The little engine that could, finally did.
During the evening of Saturday, March 2, members of the steam rail community, from near and far, came together to celebrate the finalization of the Skookum engine restoration.
By Brian Cameron
The event was held at Garibaldi’s Old Mill and featured an historical presentation where original stories and photographs were shown, as well as an emotional speech by Chris Baldo and Scott Wickert themselves.
A Living Legacy
During a cold February day in 1955 the crews of the Deep River Logging Company, along Washington’s Columbia River rainforest, were finishing up their lunch hour to ready their Number-7 engine, casually referred to as “Skookum,” for more loads of fir, spruce and hemlock to be transported back to camp.
Just after lunch they backed her up, tender first, to head on out to pick up more for the day’s haul. Several miles outside of camp the massive engine crept over a small trestle when a loud noise rang out, the engineer slammed the throttle shut and Deep River Logging #7 abruptly halted her advance. Her tender lay half-cocked, off the rails, over the small creek below.
Skookum herself was still sitting well, with a noticeable list, the crew decided they would be better off getting their other locomotive from camp to tow her back on track the next morning Before doing so the engine’s fireman thought it necessary to re-board and inject more water into her boiler so as to keep her ready for service the following day. It was that fateful decision that sealed Skookum’s fate.
“[It was] as if an elephant had simply rolled over on its side to go to sleep,” recalled one crewman at the time.
The offset of water running into Skookum’s boiler effected her center of gravity and in slow succession the great engine toppled onto her side into the wet soil below.
And there she sat.
It wasn’t until the summer of 1960, and after a change in land ownership, was the wreck revisited with a noble intent. Charlie Morrow, hailing from the Puget Sound Railway Historical Association in Snoqualmie, Washington, bought the Skookum from the insurance company for the low scrap-metal price of $1,200. Shortly after purchasing it he began the monumental task of resurrection, and despite the lack of the rail itself, as it was sold for scrap metal previously, Morrow was able to utilize volunteer efforts to exhume the wreck to be brought to the Niblock Yard at the Puget Sound Railway Heritage Association’s headquarters.
And there the Skookum sat, once again.
In 1978, after the death of Charles Morrow, the Skookum project was reinvigorated after a California lumberman named Rogan Coombs purchased the locomotive with the eventual intent to restore her to her former glory. However after negotiating the physical move of Skookum it wasn’t until 1991 that Coombs was able to facilitate the move to the Mount Rainier Scenic Railroad (MRSR). It seemed after 31 years of stagnation that the project would be underway.
However the ides of financial boom for Coombs never came.
And Skookum sat.
In 2004 Coombs’s health began to fail, so after contacting another rail enthusiast, Chris Baldo, out of Willits California, it was decided another change in ownership would commence. Baldo, with the help of a young rail apprentice, Scott Wickert, took it upon themselves to truly restore Skookum to her former glory.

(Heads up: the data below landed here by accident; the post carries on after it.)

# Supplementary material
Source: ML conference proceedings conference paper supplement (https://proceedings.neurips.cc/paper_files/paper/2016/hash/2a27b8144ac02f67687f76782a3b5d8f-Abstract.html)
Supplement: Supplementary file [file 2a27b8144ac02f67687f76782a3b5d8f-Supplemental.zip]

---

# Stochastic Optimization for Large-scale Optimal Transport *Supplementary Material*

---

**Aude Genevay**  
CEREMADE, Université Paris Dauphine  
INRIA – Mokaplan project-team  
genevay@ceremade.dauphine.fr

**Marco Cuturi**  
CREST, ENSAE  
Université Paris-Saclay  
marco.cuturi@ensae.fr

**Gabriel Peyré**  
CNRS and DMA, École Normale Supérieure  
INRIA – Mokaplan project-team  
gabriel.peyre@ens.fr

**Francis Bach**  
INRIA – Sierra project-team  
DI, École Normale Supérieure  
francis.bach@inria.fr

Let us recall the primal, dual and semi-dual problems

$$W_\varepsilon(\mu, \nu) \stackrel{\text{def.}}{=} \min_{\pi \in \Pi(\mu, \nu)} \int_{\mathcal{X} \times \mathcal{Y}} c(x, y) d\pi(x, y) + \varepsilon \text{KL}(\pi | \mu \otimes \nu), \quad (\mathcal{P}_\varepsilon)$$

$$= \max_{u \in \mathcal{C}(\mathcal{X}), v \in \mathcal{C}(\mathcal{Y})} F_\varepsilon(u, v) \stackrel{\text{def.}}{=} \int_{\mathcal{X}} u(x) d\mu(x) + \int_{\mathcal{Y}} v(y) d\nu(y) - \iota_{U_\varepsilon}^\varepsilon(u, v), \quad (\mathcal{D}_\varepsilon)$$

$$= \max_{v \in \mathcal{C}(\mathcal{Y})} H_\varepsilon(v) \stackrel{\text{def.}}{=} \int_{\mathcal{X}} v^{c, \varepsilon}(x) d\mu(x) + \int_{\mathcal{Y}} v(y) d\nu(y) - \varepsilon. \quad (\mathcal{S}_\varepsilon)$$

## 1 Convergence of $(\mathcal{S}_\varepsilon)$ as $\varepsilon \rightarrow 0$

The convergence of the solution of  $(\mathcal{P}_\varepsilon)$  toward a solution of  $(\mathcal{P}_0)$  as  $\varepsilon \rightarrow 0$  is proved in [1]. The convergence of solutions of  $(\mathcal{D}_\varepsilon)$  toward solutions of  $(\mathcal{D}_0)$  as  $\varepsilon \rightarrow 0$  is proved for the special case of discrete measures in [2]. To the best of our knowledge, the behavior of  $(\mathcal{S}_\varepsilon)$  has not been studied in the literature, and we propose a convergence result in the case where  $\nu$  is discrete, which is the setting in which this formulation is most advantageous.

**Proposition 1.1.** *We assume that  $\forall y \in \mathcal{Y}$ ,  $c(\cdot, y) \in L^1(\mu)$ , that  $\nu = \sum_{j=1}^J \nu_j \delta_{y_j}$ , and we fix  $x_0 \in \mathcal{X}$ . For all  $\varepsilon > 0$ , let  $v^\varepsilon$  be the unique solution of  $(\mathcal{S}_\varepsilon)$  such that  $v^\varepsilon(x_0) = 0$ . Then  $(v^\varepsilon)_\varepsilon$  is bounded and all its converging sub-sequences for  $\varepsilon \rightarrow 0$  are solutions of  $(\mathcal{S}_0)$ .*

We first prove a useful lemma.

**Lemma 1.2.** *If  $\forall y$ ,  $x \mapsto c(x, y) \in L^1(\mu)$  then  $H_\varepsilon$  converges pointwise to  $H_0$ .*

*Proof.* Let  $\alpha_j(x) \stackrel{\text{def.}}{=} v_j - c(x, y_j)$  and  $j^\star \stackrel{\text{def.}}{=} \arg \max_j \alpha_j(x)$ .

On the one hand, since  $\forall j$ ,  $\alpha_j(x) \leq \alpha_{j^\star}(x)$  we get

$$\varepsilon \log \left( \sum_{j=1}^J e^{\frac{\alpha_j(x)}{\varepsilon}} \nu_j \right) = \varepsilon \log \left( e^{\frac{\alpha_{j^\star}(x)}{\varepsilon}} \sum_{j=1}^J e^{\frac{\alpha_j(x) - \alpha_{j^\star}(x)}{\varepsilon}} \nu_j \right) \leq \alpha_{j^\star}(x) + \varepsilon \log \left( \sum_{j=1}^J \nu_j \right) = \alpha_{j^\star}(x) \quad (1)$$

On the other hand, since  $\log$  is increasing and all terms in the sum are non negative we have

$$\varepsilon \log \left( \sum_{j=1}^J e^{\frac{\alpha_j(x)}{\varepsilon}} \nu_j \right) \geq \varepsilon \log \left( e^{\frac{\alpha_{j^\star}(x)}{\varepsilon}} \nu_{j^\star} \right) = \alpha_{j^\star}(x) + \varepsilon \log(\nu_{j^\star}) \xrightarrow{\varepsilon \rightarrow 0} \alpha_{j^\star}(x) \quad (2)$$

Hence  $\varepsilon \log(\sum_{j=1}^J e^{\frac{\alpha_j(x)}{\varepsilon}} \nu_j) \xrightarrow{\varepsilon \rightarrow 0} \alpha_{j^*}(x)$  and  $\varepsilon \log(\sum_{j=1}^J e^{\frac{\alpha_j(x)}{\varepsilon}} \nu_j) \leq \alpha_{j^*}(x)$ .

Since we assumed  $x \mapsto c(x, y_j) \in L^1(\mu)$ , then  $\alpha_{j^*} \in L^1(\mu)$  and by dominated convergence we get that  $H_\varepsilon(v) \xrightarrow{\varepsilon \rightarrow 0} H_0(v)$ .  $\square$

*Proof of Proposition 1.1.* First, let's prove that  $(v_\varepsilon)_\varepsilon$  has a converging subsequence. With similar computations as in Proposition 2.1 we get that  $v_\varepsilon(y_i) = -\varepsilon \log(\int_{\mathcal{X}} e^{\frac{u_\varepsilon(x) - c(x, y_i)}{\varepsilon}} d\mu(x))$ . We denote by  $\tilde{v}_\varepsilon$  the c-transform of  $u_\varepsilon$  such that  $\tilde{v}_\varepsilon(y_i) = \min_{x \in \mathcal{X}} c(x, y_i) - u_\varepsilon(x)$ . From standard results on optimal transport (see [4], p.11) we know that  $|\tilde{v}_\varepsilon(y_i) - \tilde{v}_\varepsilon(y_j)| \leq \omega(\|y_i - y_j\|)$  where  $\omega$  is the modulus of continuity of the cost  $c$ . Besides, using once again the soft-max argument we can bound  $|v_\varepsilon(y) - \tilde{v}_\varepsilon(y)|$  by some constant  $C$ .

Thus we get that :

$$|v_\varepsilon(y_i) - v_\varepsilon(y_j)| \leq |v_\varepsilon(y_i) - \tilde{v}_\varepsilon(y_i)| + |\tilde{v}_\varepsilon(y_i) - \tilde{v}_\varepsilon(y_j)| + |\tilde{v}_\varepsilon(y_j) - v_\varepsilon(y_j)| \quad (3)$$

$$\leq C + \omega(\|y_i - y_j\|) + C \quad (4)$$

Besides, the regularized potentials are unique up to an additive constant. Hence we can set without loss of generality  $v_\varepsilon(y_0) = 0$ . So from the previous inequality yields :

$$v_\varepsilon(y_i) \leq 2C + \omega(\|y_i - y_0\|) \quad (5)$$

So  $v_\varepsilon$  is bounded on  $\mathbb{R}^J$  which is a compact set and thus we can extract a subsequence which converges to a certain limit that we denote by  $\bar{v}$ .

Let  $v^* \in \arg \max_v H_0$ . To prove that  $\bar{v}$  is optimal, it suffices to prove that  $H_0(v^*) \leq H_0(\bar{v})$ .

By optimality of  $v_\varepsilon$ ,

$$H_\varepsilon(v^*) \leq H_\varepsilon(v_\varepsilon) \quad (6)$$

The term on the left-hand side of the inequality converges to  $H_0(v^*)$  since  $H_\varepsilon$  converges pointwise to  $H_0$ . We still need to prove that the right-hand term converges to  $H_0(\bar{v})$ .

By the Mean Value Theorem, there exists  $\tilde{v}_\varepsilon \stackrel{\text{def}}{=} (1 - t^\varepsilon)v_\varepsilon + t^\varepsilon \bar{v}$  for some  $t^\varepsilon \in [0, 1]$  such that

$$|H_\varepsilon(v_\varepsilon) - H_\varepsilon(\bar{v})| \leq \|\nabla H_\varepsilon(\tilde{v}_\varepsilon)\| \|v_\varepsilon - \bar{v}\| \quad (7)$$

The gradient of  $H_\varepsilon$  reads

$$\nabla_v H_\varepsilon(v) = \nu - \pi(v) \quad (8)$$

Wickert left the MRSR and moved to the Tillamook area with the intent to create the Tillamook Locomotive Works, as well as a tourism side in the form of the Oregon Coast Scenic Railroad. It was there, in Garibaldi, that the intricate process of piecing history back together began.
Over the subsequent years the Skookum’s parts were collected from the MRSR and taken to Garibaldi where they slowly but surely assembled Skookum and began to make her whole once again.
Back on Track
“It’s exciting and very satisfying to see this all happening,” said Scott Wickert of the Oregon Coast Scenic Railroad. “To get the steam world together for this restoration, I’m kind of proud.”
The gathering on March 2 in Garibaldi marked the end of an entire generation’s worth of perseverance, hard work and ad-hoc engineering. A project that brought together the who’s-who in the steam-rail industry and restored an icon from days passed.
“It’s a good feeling for everyone on the project,” said Scott Hutton, volunteer engineer. “We get to keep history alive, its a machine from our past and its been a really big project.”
Hutton had joined onto the project approximately a year ago and he was one of many who fed into the overall completion of Skookum. Scott Wickert, however, had been part of Skookum since he was at the Mount Rainier Scenic Railroad, and after so many years he feels a sense of finality with the undertaking.
“This is been my life since 2004,” said Wickert. “I’m happy to be able to give it a second life, and I know after she’s going into good hands.”
Skookum’s owner, Chris Baldo, after facilitating the undertaking, is looking at this project as a positive sign for the future of historic rail restoration. Though this project has now come to completion, there are a number of future endeavors he wants to tackle.
“Pretty much everyone thought that this project was impossible,” said Baldo. “But its the kind of project that takes the skills of a massive amount of people, and I’m happy to see most of those faces here tonight.”
When asked how he felt when he first heard the original whistle, Baldo replied.
“I like watching the reaction of everyone around me, I’m happy to bring her back to life again.”